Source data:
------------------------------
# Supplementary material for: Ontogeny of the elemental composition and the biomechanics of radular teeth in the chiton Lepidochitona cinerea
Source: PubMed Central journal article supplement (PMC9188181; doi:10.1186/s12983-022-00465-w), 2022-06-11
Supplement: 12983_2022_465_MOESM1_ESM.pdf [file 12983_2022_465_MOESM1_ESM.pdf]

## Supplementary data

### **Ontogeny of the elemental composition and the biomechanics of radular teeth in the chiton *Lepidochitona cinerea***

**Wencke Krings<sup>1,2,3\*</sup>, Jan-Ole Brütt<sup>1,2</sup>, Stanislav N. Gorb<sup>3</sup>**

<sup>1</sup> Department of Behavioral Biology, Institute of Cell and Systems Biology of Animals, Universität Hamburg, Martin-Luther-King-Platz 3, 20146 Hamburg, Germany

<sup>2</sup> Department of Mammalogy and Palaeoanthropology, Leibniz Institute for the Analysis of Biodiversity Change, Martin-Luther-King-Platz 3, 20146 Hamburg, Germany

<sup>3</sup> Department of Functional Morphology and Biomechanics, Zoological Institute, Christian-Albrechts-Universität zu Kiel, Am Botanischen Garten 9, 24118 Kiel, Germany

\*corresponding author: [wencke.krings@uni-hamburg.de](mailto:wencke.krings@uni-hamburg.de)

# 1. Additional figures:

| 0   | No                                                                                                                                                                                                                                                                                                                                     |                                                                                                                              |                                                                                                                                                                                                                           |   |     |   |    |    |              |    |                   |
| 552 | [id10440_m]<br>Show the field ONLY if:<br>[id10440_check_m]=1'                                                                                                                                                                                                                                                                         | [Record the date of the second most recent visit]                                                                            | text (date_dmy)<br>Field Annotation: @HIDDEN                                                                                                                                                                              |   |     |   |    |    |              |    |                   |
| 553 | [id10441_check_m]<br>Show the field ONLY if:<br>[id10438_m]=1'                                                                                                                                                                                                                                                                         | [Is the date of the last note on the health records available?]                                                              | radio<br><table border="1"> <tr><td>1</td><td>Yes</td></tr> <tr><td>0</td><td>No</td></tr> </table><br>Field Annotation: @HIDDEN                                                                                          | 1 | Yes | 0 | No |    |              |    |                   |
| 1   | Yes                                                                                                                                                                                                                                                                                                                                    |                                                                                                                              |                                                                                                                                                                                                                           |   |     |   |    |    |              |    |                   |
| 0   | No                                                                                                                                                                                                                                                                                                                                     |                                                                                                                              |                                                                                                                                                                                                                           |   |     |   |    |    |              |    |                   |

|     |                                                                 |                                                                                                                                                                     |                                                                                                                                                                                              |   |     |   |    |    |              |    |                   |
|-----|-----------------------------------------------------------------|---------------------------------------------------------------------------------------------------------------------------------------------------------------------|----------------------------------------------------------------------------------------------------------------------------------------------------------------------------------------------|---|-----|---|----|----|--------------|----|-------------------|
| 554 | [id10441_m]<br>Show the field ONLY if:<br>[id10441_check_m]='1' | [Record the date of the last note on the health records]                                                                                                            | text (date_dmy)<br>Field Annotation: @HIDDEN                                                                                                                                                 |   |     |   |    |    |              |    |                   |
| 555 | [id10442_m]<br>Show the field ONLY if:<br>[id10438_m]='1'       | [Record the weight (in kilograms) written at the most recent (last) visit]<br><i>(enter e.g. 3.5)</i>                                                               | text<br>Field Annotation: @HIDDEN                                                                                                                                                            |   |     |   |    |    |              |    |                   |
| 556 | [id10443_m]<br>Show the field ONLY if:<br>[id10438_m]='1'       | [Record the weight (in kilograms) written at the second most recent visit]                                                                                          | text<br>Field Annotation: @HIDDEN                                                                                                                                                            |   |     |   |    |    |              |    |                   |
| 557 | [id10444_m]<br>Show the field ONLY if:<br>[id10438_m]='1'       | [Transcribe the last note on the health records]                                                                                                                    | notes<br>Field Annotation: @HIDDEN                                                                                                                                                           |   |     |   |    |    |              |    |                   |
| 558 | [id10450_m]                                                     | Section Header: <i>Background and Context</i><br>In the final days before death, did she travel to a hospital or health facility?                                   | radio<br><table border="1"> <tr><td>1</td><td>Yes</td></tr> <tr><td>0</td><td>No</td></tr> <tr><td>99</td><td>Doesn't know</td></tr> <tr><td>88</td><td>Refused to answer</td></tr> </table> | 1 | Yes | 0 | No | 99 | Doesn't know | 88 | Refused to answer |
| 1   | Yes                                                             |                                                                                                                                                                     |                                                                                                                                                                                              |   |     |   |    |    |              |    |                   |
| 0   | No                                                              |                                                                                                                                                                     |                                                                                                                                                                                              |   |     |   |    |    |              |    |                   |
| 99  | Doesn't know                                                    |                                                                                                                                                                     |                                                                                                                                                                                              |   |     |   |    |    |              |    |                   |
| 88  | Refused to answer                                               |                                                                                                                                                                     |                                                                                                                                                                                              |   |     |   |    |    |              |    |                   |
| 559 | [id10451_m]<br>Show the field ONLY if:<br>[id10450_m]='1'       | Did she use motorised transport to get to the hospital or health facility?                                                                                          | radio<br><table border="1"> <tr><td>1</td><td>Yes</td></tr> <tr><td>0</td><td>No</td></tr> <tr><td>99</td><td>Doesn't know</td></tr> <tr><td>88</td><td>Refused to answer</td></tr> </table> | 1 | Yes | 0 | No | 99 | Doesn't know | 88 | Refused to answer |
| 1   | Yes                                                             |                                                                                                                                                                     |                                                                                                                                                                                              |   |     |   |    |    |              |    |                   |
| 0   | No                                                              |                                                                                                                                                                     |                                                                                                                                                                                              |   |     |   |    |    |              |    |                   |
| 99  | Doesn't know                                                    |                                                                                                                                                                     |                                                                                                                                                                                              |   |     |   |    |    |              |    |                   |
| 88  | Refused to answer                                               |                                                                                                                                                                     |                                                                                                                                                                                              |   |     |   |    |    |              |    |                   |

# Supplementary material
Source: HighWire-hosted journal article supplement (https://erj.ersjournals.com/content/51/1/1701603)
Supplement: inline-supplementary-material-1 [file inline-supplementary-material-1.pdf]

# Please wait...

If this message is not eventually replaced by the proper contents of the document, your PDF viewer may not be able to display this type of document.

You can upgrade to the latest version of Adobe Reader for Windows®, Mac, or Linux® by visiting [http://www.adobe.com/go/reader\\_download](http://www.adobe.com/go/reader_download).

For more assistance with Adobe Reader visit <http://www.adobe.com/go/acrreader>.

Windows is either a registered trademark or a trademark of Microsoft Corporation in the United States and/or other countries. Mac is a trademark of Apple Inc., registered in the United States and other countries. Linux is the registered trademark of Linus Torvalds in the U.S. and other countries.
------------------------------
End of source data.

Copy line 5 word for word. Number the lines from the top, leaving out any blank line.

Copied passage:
### **Ontogeny of the elemental composition and the biomechanics of radular teeth in the chiton *Lepidochitona cinerea***